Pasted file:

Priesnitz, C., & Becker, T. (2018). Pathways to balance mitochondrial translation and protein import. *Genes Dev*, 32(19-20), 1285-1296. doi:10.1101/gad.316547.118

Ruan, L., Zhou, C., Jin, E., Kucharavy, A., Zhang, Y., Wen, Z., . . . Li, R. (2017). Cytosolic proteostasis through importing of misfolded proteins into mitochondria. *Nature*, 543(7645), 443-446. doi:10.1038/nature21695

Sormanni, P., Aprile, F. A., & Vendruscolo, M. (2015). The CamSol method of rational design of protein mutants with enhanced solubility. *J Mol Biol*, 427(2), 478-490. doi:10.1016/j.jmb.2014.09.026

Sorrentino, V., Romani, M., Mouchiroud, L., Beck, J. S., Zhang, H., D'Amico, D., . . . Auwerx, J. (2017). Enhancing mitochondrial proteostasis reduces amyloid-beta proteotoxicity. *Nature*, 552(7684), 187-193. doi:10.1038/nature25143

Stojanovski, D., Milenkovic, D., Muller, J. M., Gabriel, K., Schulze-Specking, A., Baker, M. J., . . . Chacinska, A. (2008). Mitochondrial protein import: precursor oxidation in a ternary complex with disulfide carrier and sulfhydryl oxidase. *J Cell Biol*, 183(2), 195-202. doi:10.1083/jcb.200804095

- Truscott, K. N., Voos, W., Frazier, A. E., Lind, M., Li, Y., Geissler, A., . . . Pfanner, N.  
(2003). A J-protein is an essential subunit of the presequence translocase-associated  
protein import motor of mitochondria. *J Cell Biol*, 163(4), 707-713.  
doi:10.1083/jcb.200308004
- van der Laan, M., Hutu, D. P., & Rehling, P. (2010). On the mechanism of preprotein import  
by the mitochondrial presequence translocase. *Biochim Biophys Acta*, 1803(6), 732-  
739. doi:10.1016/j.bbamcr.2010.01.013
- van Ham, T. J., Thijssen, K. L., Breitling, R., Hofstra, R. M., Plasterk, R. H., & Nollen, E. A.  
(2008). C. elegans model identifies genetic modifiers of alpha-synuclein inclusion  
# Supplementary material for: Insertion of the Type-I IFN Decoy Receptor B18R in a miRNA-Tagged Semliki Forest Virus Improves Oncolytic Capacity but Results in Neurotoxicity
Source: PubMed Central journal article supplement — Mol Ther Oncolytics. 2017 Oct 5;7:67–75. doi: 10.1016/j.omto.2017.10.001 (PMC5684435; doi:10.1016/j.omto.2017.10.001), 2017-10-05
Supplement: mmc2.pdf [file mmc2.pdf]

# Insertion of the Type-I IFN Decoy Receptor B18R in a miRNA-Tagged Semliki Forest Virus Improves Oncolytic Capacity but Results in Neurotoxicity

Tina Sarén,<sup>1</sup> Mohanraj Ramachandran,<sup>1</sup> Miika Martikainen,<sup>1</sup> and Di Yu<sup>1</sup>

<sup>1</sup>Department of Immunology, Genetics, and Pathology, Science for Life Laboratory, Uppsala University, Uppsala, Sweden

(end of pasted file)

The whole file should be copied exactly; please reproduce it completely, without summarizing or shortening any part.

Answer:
Priesnitz, C., & Becker, T. (2018). Pathways to balance mitochondrial translation and protein import. *Genes Dev*, 32(19-20), 1285-1296. doi:10.1101/gad.316547.118

Ruan, L., Zhou, C., Jin, E., Kucharavy, A., Zhang, Y., Wen, Z., . . . Li, R. (2017). Cytosolic proteostasis through importing of misfolded proteins into mitochondria. *Nature*, 543(7645), 443-446. doi:10.1038/nature21695

Sormanni, P., Aprile, F. A., & Vendruscolo, M. (2015). The CamSol method of rational design of protein mutants with enhanced solubility. *J Mol Biol*, 427(2), 478-490. doi:10.1016/j.jmb.2014.09.026

Sorrentino, V., Romani, M., Mouchiroud, L., Beck, J. S., Zhang, H., D'Amico, D., . . . Auwerx, J. (2017). Enhancing mitochondrial proteostasis reduces amyloid-beta proteotoxicity. *Nature*, 552(7684), 187-193. doi:10.1038/nature25143

Stojanovski, D., Milenkovic, D., Muller, J. M., Gabriel, K., Schulze-Specking, A., Baker, M. J., . . . Chacinska, A. (2008). Mitochondrial protein import: precursor oxidation in a ternary complex with disulfide carrier and sulfhydryl oxidase. *J Cell Biol*, 183(2), 195-202. doi:10.1083/jcb.200804095

- Truscott, K. N., Voos, W., Frazier, A. E., Lind, M., Li, Y., Geissler, A., . . . Pfanner, N.  
(2003). A J-protein is an essential subunit of the presequence translocase-associated  
protein import motor of mitochondria. *J Cell Biol*, 163(4), 707-713.  
doi:10.1083/jcb.200308004
- van der Laan, M., Hutu, D. P., & Rehling, P. (2010). On the mechanism of preprotein import  
by the mitochondrial presequence translocase. *Biochim Biophys Acta*, 1803(6), 732-  
739. doi:10.1016/j.bbamcr.2010.01.013
- van Ham, T. J., Thijssen, K. L., Breitling, R., Hofstra, R. M., Plasterk, R. H., & Nollen, E. A.  
(2008). C. elegans model identifies genetic modifiers of alpha-synuclein inclusion  
# Supplementary material for: Insertion of the Type-I IFN Decoy Receptor B18R in a miRNA-Tagged Semliki Forest Virus Improves Oncolytic Capacity but Results in Neurotoxicity
Source: PubMed Central journal article supplement — Mol Ther Oncolytics. 2017 Oct 5;7:67–75. doi: 10.1016/j.omto.2017.10.001 (PMC5684435; doi:10.1016/j.omto.2017.10.001), 2017-10-05
Supplement: mmc2.pdf [file mmc2.pdf]

# Insertion of the Type-I IFN Decoy Receptor B18R in a miRNA-Tagged Semliki Forest Virus Improves Oncolytic Capacity but Results in Neurotoxicity

Tina Sarén,<sup>1</sup> Mohanraj Ramachandran,<sup>1</sup> Miika Martikainen,<sup>1</sup> and Di Yu<sup>1</sup>

<sup>1</sup>Department of Immunology, Genetics, and Pathology, Science for Life Laboratory, Uppsala University, Uppsala, Sweden